The other is light manufacturing and warehousing. We're in the hub of the intersections of 74 and 80, and going east and west and north and south. So it's really an ideal place for trucking and rail to be. So warehousing, logistically, warehousing and light manufacturers, it's an ideal spot for them in this area. So I would like to increase that. 

People talked about technology and microchips and everything else and that's fine, and those things are growing. We need to make more in the United States. But I'm not sure whether this will area will draw that or not. It may. But it's light manufacturing, warehouse, logistics, agricultural-related type of issues.

Health Care

KLUVER: Healthcare is top of mind for lots of voters this election cycle. What could you do to help make health care more affordable and more accessible for people in Illinois's 36th district?

THOMS: You know, I think that one thing that can make it more affordable - and it's kind of a domino effect - but if we put limits on dollars in lawsuits, for malpractice for doctors or pharmaceuticals and that sort of thing, to lower their malpractice insurance-- because that's what gets passed on to the consumer also. And so that is one I think that we can work on, is reform on insurance claims with malpractice. 

The other is duplication of services. We need to work on a master database, so to speak. And the systems work that Unity Point system or Iowa health systems, Genesis have in their systems work well together, and data, but we need to share it worldwide almost. 

And so if I have an x-ray for an issue at this one doctor, and then I go to the next doctor, and he says, "Oh, we need another x-ray." Well, why can't we share that information? You're adding expense to this problem. And they, once again, it's for liability issues, they say, 'No, we have to do it. It's our machine and our, you know, we look at it, and we might do it differently." And that just drives cost up, the duplications of functions that we have to try to treat somebody. So I think that's another area that's a problem. 

Continue to open up the insurance companies. You know, the one size fits all-- I don't believe in one company or the state being involved in the health care insurance. I think that the more health care insurance carriers we can have, the better. It's more competitive and that's the free market. So I think that'll help drive down costs.

Attack Ads

KLUVER: It's not any surprise to viewers, especially if you're watching this channel or anywhere in the Quad Cities, that there have been a lot of attack ads in this particular race. Is there anything that you've seen in an attack ad against you that you would like to clarify or claim to be false?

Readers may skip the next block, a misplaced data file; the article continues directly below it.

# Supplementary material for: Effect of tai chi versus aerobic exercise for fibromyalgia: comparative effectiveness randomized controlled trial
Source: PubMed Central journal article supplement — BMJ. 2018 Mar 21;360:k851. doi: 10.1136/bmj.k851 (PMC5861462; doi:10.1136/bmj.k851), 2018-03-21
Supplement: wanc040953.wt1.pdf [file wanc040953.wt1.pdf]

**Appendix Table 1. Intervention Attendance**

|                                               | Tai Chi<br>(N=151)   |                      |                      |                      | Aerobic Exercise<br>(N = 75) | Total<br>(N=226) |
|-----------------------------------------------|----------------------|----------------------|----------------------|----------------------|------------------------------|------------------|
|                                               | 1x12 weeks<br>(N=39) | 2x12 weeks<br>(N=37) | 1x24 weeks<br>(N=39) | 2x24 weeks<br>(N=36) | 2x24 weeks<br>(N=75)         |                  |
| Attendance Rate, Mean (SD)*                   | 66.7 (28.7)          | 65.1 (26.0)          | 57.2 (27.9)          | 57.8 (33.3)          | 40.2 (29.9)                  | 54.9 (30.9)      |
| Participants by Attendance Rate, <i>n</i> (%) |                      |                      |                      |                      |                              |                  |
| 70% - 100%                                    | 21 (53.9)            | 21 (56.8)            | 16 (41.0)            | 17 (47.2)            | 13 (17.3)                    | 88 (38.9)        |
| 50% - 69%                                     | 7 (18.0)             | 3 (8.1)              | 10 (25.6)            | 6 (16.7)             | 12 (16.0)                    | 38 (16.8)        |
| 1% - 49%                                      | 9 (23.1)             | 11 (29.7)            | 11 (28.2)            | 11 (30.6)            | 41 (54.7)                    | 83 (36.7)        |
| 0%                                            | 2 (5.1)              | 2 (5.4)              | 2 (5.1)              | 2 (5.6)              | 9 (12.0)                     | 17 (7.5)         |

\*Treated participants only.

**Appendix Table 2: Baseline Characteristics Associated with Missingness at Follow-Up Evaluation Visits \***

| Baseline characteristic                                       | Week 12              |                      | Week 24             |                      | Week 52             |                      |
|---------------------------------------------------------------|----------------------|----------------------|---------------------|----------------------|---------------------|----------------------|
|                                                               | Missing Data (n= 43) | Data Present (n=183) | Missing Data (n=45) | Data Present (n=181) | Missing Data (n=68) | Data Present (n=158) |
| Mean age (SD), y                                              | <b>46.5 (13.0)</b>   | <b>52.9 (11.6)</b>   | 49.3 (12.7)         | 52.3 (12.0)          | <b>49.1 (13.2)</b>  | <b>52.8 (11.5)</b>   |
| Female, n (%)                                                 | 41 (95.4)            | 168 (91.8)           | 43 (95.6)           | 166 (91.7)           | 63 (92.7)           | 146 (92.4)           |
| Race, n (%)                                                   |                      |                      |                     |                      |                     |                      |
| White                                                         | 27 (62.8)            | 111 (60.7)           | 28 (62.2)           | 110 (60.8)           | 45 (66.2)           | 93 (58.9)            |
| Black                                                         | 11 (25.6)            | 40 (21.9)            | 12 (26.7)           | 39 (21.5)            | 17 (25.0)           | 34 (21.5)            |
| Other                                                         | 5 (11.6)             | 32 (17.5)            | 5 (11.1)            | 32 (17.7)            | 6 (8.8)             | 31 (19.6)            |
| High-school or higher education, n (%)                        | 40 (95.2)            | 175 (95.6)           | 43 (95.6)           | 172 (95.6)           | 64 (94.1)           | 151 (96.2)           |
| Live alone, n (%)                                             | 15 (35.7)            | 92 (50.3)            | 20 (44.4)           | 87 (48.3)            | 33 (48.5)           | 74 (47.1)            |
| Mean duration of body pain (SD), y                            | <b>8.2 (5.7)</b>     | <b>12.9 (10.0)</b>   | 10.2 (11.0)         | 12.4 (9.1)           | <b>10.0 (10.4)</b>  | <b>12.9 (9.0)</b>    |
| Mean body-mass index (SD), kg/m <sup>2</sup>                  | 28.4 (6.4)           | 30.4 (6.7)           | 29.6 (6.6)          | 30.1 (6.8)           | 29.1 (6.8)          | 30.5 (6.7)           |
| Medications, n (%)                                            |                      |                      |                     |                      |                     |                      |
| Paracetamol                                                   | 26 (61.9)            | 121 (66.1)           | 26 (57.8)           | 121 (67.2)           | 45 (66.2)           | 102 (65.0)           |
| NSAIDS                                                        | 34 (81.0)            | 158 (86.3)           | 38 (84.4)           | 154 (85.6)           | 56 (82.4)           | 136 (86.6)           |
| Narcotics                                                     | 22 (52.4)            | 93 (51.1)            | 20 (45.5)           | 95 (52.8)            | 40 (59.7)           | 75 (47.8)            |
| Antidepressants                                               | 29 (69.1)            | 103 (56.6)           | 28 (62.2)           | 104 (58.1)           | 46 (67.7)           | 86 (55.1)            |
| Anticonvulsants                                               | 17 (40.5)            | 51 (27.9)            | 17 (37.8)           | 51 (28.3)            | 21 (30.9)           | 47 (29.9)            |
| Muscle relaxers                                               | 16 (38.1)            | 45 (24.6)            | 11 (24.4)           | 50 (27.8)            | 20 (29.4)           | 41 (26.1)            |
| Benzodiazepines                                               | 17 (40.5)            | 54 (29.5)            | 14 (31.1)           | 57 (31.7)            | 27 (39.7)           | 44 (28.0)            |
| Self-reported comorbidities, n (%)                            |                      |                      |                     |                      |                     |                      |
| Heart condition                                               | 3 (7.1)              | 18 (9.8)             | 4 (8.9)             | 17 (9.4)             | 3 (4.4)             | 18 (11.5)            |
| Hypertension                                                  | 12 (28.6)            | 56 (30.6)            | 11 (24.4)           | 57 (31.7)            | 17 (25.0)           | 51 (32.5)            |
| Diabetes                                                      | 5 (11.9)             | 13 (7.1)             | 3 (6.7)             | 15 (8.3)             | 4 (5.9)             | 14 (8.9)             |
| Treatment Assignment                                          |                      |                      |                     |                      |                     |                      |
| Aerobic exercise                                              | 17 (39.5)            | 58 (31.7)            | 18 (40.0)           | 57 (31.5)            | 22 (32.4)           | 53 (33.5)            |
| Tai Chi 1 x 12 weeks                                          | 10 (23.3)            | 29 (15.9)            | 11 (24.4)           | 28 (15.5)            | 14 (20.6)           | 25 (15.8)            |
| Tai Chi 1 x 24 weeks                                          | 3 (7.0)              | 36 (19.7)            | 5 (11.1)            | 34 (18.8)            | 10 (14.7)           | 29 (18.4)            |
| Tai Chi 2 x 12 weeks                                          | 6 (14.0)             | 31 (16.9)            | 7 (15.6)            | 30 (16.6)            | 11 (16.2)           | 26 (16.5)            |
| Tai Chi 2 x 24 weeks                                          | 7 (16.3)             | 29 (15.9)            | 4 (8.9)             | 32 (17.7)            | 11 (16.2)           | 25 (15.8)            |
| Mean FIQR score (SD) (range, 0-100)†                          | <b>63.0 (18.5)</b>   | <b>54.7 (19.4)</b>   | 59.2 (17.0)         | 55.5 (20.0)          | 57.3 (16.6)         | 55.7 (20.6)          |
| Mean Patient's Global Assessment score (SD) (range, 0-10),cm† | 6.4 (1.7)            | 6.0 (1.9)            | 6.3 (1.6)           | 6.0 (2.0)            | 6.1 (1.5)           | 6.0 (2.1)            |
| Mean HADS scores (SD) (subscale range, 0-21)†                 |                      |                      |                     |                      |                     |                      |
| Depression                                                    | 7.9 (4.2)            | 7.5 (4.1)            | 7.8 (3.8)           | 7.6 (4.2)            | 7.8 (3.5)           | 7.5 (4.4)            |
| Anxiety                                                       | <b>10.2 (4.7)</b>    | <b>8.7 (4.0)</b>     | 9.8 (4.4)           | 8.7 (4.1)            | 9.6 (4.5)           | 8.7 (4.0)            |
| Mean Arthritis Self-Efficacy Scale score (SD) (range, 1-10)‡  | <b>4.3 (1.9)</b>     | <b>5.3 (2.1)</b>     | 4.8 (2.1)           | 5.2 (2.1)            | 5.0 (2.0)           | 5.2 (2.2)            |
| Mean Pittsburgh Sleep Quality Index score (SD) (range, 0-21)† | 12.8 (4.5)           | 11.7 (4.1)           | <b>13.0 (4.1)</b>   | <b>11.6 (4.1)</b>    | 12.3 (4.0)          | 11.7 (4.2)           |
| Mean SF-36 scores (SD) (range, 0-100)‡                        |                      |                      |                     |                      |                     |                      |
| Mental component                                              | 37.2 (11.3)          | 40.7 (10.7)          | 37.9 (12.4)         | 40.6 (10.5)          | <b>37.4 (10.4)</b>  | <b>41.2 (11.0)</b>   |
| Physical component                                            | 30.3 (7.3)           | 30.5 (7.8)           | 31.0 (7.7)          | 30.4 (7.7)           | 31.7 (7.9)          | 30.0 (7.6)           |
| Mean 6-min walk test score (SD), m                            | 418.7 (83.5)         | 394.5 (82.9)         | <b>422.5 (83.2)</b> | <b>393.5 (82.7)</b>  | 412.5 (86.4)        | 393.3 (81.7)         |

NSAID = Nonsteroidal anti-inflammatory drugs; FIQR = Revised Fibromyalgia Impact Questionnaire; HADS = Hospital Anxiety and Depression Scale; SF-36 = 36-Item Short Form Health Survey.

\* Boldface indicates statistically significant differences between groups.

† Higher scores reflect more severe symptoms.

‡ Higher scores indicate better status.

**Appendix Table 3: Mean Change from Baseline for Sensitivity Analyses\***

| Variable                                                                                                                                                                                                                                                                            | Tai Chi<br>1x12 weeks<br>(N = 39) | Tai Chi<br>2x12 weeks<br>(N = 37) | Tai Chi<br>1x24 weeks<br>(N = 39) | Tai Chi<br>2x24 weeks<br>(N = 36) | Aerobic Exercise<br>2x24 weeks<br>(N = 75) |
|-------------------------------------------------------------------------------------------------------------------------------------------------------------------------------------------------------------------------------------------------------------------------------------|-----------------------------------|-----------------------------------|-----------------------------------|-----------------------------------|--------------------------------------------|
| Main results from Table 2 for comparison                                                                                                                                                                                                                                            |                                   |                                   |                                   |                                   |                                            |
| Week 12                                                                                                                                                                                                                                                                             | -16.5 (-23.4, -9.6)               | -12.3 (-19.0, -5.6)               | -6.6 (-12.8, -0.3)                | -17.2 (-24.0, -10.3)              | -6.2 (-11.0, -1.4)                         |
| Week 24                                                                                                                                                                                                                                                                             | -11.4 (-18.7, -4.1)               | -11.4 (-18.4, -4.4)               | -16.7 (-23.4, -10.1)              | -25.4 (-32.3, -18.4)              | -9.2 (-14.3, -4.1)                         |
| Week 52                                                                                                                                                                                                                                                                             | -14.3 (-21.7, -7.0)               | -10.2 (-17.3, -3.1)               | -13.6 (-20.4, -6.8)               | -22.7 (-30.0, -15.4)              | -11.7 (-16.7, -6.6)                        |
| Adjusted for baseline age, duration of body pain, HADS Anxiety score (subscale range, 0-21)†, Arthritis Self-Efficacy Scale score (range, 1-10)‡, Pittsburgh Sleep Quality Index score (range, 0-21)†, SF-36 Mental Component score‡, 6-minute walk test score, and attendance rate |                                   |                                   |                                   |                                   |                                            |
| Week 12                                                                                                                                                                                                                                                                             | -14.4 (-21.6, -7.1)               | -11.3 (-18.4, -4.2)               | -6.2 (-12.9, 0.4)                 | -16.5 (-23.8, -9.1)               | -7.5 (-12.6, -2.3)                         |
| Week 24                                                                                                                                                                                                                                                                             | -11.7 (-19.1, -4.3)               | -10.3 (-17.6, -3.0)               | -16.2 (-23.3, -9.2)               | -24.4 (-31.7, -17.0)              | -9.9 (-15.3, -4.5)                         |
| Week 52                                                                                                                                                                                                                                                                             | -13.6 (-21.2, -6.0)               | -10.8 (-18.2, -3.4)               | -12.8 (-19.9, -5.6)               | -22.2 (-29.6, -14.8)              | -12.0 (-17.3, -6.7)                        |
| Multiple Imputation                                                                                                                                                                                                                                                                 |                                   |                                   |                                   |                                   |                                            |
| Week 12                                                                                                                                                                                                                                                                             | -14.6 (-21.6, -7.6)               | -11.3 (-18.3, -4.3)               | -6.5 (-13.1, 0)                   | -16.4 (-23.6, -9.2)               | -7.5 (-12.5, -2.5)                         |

THOMS: Interesting you bring this up! Yes, the one is I have never voted for a tax increase. The city council has voted for some increases, early on back in 2017, and 18, for property taxes. But I did not. I only-- the mayor only votes when there's a tie. And so to tag that onto me, specifically, I think is unfair to the council. And yes, I was mayor, and if you want to call [me] the leader of it, and that's where the buck stops is with the leader, that's fine, I guess you could do that. 

But there's also more behind those stories than what is being told also: is that the city's debt amount went up dramatically, years before that. It better than doubled, it almost tripled in debt that the city had. And that council at that time did not raise any property taxes for six years. And you had inflation, then you had that additional debt that you got to pay off, and so at some point you've got to catch up. 

And so there is some justifications for increasing, at that point, is that we have to pay the bills. And so the money the city had spent, it did not bring in new revenue. And it's okay to go bond and spend some money if you're going to turn around and get a return on investment. What they did, did not. And I'm not blaming them for what they tried to invest in, but it didn't work. And so we needed to cover those expenses. 

So they did raise it, but I don't know if it's fair to tag it specifically on me as a 'Thoms Tax.' 

The other is I tried to sell the water and sewer. I did not try to sell the water and sewer. But as most business people-- if you've been in business, you know you have to look at all different alternatives of the projects and things to do and ways to process things. And so it was fair for the city to take a look at if we were to sell it, what is it worth, what would we get out of it, what would we lose out of it? And there's other avenues to, whether to keep it, to invest more money in it, and so we were looking at that-- strictly just looking at what opportunities and options the city had, not going on the mission to sell it. And so I think that's misleading, also.